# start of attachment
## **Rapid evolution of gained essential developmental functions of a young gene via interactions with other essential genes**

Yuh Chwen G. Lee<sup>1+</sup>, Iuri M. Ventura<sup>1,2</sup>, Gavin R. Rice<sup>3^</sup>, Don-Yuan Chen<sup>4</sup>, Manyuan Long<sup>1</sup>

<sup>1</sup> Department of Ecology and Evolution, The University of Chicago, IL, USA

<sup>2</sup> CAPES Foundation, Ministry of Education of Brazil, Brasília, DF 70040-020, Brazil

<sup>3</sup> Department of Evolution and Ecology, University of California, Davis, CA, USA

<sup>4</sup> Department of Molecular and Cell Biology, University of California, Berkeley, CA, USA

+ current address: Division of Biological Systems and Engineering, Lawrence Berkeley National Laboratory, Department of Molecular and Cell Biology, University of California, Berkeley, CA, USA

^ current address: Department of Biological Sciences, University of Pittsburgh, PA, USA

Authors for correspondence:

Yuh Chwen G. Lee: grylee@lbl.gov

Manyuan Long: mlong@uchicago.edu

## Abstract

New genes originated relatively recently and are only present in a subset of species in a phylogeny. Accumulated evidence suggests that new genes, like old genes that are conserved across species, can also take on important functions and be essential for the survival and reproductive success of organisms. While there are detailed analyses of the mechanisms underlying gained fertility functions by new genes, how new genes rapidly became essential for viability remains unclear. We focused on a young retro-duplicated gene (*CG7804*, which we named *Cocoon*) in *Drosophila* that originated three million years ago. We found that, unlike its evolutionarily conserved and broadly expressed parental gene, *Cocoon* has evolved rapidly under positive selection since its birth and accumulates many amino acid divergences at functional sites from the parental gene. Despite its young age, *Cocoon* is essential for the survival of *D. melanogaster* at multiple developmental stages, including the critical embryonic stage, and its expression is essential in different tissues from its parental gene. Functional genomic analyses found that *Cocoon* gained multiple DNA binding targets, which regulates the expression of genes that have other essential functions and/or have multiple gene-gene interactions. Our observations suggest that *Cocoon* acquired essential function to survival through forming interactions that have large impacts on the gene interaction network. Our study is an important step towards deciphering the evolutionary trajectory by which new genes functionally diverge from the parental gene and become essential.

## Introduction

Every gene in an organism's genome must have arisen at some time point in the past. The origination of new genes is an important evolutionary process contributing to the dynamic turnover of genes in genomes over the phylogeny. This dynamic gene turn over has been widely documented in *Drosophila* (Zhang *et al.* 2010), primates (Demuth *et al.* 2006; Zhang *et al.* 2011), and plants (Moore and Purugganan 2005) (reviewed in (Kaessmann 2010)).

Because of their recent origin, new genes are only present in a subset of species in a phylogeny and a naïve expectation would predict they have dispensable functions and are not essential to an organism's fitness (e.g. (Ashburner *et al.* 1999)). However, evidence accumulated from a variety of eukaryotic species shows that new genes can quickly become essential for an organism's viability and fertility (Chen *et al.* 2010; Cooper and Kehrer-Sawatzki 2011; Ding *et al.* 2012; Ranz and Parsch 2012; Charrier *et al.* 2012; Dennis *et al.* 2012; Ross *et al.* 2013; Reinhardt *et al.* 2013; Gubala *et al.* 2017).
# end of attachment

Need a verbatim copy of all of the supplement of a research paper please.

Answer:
## **Rapid evolution of gained essential developmental functions of a young gene via interactions with other essential genes**

Yuh Chwen G. Lee<sup>1+</sup>, Iuri M. Ventura<sup>1,2</sup>, Gavin R. Rice<sup>3^</sup>, Don-Yuan Chen<sup>4</sup>, Manyuan Long<sup>1</sup>

<sup>1</sup> Department of Ecology and Evolution, The University of Chicago, IL, USA

<sup>2</sup> CAPES Foundation, Ministry of Education of Brazil, Brasília, DF 70040-020, Brazil

<sup>3</sup> Department of Evolution and Ecology, University of California, Davis, CA, USA

<sup>4</sup> Department of Molecular and Cell Biology, University of California, Berkeley, CA, USA

+ current address: Division of Biological Systems and Engineering, Lawrence Berkeley National Laboratory, Department of Molecular and Cell Biology, University of California, Berkeley, CA, USA

^ current address: Department of Biological Sciences, University of Pittsburgh, PA, USA

Authors for correspondence:

Yuh Chwen G. Lee: grylee@lbl.gov

Manyuan Long: mlong@uchicago.edu

## Abstract

New genes originated relatively recently and are only present in a subset of species in a phylogeny. Accumulated evidence suggests that new genes, like old genes that are conserved across species, can also take on important functions and be essential for the survival and reproductive success of organisms. While there are detailed analyses of the mechanisms underlying gained fertility functions by new genes, how new genes rapidly became essential for viability remains unclear. We focused on a young retro-duplicated gene (*CG7804*, which we named *Cocoon*) in *Drosophila* that originated three million years ago. We found that, unlike its evolutionarily conserved and broadly expressed parental gene, *Cocoon* has evolved rapidly under positive selection since its birth and accumulates many amino acid divergences at functional sites from the parental gene. Despite its young age, *Cocoon* is essential for the survival of *D. melanogaster* at multiple developmental stages, including the critical embryonic stage, and its expression is essential in different tissues from its parental gene. Functional genomic analyses found that *Cocoon* gained multiple DNA binding targets, which regulates the expression of genes that have other essential functions and/or have multiple gene-gene interactions. Our observations suggest that *Cocoon* acquired essential function to survival through forming interactions that have large impacts on the gene interaction network. Our study is an important step towards deciphering the evolutionary trajectory by which new genes functionally diverge from the parental gene and become essential.

## Introduction

Every gene in an organism's genome must have arisen at some time point in the past. The origination of new genes is an important evolutionary process contributing to the dynamic turnover of genes in genomes over the phylogeny. This dynamic gene turn over has been widely documented in *Drosophila* (Zhang *et al.* 2010), primates (Demuth *et al.* 2006; Zhang *et al.* 2011), and plants (Moore and Purugganan 2005) (reviewed in (Kaessmann 2010)).

Because of their recent origin, new genes are only present in a subset of species in a phylogeny and a naïve expectation would predict they have dispensable functions and are not essential to an organism's fitness (e.g. (Ashburner *et al.* 1999)). However, evidence accumulated from a variety of eukaryotic species shows that new genes can quickly become essential for an organism's viability and fertility (Chen *et al.* 2010; Cooper and Kehrer-Sawatzki 2011; Ding *et al.* 2012; Ranz and Parsch 2012; Charrier *et al.* 2012; Dennis *et al.* 2012; Ross *et al.* 2013; Reinhardt *et al.* 2013; Gubala *et al.* 2017).